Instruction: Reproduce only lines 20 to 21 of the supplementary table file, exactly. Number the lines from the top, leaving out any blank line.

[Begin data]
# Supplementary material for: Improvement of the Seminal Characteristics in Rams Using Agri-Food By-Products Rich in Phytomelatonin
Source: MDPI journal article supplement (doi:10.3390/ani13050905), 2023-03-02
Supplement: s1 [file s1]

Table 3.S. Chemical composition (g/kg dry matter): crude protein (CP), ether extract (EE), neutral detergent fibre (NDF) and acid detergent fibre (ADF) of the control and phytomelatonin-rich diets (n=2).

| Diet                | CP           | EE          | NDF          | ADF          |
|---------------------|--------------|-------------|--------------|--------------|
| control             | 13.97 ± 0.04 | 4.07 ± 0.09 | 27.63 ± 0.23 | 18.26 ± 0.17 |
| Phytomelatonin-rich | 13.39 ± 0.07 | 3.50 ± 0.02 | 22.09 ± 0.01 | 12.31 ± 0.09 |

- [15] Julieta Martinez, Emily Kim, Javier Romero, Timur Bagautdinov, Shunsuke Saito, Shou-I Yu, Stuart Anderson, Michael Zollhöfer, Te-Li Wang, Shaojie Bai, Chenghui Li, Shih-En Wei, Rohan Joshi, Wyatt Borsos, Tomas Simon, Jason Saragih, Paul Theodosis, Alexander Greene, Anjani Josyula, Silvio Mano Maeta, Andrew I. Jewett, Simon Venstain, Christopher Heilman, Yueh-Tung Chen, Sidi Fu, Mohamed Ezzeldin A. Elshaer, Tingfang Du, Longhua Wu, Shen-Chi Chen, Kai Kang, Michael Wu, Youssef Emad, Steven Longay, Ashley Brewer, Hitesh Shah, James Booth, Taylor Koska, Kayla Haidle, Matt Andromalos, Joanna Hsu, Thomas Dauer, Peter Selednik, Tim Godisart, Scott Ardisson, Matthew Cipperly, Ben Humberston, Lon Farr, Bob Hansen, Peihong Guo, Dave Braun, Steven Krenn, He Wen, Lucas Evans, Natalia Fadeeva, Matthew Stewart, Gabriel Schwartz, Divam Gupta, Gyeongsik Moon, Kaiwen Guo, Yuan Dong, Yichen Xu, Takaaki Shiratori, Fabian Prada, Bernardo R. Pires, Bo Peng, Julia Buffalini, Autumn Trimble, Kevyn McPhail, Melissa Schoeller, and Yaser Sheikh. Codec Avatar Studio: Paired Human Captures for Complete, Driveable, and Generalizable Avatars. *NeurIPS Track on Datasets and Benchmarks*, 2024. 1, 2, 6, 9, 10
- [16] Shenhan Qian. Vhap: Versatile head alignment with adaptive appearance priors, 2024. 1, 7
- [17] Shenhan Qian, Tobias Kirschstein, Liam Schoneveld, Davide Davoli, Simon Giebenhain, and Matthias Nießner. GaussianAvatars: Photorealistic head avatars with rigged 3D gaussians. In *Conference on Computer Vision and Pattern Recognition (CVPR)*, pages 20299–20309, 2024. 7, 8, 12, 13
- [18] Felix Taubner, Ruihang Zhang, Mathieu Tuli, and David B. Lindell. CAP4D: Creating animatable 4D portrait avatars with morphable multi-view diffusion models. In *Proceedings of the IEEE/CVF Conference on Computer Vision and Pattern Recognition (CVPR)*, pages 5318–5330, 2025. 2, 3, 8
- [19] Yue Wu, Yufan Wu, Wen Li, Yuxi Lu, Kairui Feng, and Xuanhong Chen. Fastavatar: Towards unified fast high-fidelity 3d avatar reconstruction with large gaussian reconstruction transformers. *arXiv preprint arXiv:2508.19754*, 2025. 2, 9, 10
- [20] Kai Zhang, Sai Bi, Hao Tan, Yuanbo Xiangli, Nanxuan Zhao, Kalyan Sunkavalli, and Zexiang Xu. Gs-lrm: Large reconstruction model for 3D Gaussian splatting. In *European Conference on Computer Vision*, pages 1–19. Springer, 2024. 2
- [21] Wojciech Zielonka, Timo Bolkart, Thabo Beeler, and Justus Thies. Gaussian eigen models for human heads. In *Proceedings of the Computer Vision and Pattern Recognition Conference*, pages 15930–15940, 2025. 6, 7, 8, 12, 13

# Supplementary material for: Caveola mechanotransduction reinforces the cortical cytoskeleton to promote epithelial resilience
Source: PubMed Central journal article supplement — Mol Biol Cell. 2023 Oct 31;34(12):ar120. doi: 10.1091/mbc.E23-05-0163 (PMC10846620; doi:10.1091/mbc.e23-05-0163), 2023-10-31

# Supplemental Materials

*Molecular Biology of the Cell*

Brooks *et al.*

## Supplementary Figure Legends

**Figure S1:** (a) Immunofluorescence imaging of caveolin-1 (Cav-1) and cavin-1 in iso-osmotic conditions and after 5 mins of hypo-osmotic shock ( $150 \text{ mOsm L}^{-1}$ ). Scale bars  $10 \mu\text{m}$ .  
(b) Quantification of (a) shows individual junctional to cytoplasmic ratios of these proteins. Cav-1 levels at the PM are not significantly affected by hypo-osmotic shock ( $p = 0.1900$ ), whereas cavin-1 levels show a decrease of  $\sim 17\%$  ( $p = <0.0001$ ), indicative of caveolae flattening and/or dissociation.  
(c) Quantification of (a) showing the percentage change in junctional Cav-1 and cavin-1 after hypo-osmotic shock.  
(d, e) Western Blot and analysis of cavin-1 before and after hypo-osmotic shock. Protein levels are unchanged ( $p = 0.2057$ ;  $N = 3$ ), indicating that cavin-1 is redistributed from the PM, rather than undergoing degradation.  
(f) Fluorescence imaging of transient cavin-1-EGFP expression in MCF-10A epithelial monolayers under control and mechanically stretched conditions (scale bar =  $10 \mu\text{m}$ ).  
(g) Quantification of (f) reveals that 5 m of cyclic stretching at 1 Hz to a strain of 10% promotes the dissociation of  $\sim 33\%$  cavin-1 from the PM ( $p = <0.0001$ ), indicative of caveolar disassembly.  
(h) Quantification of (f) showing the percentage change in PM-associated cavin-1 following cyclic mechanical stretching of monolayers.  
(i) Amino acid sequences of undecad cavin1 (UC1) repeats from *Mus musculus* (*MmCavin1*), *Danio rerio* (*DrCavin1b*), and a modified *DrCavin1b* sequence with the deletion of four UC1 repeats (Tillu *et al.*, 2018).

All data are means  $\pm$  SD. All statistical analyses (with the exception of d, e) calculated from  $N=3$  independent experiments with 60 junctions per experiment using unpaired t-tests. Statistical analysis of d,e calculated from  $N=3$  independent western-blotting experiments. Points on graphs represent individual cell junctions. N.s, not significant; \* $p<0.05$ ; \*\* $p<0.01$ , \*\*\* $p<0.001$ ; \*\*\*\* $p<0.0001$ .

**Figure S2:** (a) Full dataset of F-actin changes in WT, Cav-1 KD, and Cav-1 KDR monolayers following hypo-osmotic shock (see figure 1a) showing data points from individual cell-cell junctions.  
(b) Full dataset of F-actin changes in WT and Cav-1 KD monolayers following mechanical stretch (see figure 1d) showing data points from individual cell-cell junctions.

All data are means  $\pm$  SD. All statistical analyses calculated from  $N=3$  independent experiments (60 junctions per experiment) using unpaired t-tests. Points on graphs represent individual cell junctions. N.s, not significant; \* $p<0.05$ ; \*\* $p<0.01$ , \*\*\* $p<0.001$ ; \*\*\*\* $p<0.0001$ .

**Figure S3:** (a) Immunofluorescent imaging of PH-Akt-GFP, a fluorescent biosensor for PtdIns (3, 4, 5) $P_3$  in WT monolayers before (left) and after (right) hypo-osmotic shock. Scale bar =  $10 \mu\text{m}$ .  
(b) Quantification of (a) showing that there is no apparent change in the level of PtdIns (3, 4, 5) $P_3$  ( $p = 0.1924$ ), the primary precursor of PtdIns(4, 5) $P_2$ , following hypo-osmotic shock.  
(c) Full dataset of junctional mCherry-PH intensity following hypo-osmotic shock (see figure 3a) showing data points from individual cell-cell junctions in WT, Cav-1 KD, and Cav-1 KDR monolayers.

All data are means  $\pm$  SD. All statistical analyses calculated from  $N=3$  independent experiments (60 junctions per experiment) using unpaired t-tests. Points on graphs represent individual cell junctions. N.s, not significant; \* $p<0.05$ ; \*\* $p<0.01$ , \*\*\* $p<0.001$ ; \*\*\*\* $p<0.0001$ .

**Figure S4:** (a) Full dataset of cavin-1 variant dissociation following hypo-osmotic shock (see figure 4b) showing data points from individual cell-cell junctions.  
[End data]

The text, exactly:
Brooks *et al.*

## Supplementary Figure Legends